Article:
04/10/2014 12:28 pm ET Updated Apr 10, 2014

Reverend Bob Thorn Drowns While Rowing From Dorset To Cornwall For Lenten Pilgrimage

The body of Reverend Bob Thorn, a popular pastor in Burton Bradstock, Dorset, U.K., was found on Monday after a search of several hours, reports the BBC.

The intrepid vicar had been undertaking a strenuous Lenten pilgrimage inspired by the Celtic tradition, by rowing from his home of Burton Bradstock in Dorset to the remote Pendower Beach near Falmouth in Cornwall, according to The Daily Mail.

Thorn, a married father of four, sent a message to his parishioners in the newsletter before he set off, writing, "When I say, please pray for me, I have to say that I would love sunny skies and warm, helping breezes, but they are not for you to ask. They will be as they are. But I do ask your prayers, please, for the fortitude of God being with me, to be strong and of a good courage."

Though the outgoing leg of the pilgrimage went smoothly, with Thorn breaking up the 150-mile journey into short stages, it seems that he got into difficulties on his way back. Police and coastguards began searching for him after his 10-foot wooden boat was found washed ashore with nothing in it but his Bible, according to the Telegraph. After a search of several hours, his body was found in a cove a few hundred feet away from the boat, a mere five miles from his final destination.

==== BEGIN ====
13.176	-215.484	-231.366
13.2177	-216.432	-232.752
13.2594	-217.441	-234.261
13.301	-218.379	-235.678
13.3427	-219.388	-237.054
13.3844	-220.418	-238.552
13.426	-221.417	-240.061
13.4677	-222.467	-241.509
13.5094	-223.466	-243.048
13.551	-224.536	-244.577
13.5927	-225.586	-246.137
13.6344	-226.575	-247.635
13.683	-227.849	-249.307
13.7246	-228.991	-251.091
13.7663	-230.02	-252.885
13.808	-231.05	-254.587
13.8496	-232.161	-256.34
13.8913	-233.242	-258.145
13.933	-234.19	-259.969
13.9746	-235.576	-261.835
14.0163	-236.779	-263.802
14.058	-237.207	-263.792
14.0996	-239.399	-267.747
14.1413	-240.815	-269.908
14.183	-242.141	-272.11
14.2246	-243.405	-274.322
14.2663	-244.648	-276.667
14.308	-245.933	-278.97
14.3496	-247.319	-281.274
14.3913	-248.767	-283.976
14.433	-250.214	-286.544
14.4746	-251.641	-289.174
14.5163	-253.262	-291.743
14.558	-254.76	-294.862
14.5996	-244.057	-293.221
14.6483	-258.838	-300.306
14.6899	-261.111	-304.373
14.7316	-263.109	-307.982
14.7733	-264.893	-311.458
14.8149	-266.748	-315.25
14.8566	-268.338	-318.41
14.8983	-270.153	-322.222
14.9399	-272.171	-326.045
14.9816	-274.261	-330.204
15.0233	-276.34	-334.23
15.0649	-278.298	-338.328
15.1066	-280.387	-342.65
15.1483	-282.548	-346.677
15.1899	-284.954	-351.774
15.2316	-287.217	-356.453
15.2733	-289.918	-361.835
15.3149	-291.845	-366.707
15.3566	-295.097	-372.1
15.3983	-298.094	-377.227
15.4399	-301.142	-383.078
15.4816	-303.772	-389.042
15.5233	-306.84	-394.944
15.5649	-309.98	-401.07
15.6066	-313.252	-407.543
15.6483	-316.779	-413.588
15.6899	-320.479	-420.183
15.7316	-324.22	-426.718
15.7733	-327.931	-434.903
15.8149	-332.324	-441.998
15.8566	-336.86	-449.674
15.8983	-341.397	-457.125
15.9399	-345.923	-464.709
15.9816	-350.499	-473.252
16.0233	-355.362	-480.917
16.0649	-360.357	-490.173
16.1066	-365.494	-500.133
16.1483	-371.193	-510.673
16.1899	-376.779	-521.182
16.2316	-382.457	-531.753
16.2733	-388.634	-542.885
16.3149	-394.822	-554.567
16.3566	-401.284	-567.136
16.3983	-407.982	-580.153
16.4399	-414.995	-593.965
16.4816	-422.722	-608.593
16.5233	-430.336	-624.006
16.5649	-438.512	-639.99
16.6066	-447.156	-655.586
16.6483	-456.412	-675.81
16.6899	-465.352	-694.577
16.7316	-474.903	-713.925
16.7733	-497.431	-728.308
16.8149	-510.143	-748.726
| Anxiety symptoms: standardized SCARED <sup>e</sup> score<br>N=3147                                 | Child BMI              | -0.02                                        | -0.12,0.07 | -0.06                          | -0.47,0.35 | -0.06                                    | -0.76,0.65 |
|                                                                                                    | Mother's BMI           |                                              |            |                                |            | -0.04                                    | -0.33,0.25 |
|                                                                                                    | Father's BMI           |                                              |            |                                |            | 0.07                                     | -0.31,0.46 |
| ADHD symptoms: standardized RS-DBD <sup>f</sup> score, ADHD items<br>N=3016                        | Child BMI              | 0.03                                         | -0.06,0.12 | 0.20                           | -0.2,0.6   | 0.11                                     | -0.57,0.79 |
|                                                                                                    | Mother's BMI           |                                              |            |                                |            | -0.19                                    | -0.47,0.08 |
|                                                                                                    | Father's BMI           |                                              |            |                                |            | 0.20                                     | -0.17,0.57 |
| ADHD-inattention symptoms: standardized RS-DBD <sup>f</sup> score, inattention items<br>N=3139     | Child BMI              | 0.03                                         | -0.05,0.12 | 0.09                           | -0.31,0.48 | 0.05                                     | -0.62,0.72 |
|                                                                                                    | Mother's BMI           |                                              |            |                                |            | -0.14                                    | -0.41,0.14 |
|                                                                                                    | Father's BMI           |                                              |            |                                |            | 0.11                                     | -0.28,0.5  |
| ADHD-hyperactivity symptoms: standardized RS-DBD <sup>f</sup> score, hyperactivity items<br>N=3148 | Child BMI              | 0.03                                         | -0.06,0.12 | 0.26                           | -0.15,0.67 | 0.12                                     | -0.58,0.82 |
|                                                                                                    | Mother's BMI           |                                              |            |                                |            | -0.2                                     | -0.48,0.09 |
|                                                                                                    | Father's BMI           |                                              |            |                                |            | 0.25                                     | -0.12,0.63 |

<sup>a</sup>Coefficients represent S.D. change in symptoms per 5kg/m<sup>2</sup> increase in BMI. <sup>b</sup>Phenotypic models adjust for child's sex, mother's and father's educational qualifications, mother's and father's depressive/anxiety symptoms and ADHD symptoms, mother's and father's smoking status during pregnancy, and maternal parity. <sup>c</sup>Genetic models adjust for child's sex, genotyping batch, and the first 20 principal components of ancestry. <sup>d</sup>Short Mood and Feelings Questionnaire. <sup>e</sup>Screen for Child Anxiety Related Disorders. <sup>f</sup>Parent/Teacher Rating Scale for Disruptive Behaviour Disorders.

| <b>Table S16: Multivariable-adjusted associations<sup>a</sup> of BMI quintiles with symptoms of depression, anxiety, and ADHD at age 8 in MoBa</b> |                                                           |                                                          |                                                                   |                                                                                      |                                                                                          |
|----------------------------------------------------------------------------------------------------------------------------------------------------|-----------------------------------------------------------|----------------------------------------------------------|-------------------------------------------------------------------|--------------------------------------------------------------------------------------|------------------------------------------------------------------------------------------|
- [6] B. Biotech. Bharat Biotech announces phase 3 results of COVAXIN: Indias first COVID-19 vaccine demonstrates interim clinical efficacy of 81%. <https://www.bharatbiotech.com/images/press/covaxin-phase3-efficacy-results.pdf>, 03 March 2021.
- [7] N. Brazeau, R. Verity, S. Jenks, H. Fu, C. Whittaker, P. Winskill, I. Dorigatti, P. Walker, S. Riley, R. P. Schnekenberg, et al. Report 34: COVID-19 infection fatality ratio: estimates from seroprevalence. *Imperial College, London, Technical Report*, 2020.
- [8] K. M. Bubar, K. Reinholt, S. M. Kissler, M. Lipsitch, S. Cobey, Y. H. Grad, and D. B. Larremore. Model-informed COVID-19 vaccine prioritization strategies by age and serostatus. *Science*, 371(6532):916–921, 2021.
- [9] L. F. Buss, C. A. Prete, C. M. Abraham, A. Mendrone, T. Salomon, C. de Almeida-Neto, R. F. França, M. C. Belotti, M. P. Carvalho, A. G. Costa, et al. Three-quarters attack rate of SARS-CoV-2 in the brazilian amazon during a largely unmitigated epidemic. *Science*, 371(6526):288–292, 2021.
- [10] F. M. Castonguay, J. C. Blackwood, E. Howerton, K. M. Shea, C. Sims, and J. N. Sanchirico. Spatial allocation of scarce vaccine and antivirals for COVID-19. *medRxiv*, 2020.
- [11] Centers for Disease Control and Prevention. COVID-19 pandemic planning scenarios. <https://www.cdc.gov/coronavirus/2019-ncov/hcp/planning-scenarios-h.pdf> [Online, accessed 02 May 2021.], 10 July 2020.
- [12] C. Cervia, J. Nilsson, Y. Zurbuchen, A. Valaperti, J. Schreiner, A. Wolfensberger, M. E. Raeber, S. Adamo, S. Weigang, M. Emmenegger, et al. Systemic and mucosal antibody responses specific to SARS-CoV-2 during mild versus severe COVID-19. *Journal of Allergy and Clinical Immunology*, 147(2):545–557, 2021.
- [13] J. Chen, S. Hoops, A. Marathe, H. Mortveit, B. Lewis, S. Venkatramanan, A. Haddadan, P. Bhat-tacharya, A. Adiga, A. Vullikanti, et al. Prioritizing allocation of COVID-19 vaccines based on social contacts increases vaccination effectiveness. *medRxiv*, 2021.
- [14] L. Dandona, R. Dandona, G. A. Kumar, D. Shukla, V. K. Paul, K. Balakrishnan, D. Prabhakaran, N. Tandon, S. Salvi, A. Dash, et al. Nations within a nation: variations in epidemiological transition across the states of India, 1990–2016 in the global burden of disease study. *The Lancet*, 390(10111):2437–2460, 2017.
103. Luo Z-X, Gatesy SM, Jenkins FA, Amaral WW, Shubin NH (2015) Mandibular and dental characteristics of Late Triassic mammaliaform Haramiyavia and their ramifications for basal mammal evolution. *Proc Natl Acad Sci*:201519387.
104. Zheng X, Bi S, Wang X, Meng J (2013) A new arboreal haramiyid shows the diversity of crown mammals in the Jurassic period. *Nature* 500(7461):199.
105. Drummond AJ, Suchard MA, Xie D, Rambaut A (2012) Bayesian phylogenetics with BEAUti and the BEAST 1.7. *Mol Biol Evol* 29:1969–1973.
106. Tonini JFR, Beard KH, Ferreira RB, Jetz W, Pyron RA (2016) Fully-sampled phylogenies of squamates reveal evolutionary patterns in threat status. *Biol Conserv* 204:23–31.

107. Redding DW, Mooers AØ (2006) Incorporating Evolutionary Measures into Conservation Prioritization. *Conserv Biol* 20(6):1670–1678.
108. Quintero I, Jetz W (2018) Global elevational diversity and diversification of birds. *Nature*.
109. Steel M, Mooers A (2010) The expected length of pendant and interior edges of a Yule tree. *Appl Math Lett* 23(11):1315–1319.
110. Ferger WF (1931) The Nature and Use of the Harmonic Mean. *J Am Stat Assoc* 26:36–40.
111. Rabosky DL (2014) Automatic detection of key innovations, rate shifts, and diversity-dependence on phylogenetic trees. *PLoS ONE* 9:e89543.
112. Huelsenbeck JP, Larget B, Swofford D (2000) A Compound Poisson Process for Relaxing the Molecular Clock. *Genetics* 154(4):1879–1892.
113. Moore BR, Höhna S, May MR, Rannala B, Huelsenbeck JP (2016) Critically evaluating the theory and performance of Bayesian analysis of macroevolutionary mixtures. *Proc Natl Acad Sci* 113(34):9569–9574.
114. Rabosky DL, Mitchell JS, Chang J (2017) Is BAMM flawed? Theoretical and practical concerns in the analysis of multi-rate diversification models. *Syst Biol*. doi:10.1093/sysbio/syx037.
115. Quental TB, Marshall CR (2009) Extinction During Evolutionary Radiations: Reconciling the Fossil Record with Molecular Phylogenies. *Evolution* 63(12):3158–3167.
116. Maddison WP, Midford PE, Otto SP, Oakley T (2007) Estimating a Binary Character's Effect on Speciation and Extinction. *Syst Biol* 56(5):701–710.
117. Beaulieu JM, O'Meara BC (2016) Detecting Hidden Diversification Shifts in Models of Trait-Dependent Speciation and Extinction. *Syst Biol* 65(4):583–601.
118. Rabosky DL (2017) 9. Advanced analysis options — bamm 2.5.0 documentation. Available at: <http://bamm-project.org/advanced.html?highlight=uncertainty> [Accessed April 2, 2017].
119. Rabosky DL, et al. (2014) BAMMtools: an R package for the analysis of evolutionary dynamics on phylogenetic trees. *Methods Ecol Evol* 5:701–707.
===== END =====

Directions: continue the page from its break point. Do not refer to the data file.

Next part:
A spokesman for the Diocese of Salisbury, which includes Burton Bradstock, told the Daily Mail, "Bob was a larger than life character and rowing was something that was extremely important to him - he was big into it. He was really into Celtic spirituality, and very much into rowing off to places, praying, and rowing back again."

Thorn was a musician and active member of the folk scene in Bristol in the 1970s. Two of his albums, "2nd Best Guitar" and "The Shortest River" were recorded in Dorset.

Thorn explained his motivation for the difficult trip in a newsletter to his congregation, writing:

I am taking off to find out in my own self what the Celtic saints were after when they went off alone, and sat either rapt in glory or in a state of holy grumpiness in either squalid or splendid isolation.

I shall be going down to stop in a small hut at the top of a sea wall at the end of a village in Cornwall. There is no water or electricity, and I shall be making shift for food. The Celtic Christian saints were ascetic to a reckless degree, and I need to make some shift in that direction to be able to understand something of what they were about.

Then I shall row home again.

Do you think I am mad? Answers please, on the back of a piece of seaweed.

His death is not being treated as suspicious.


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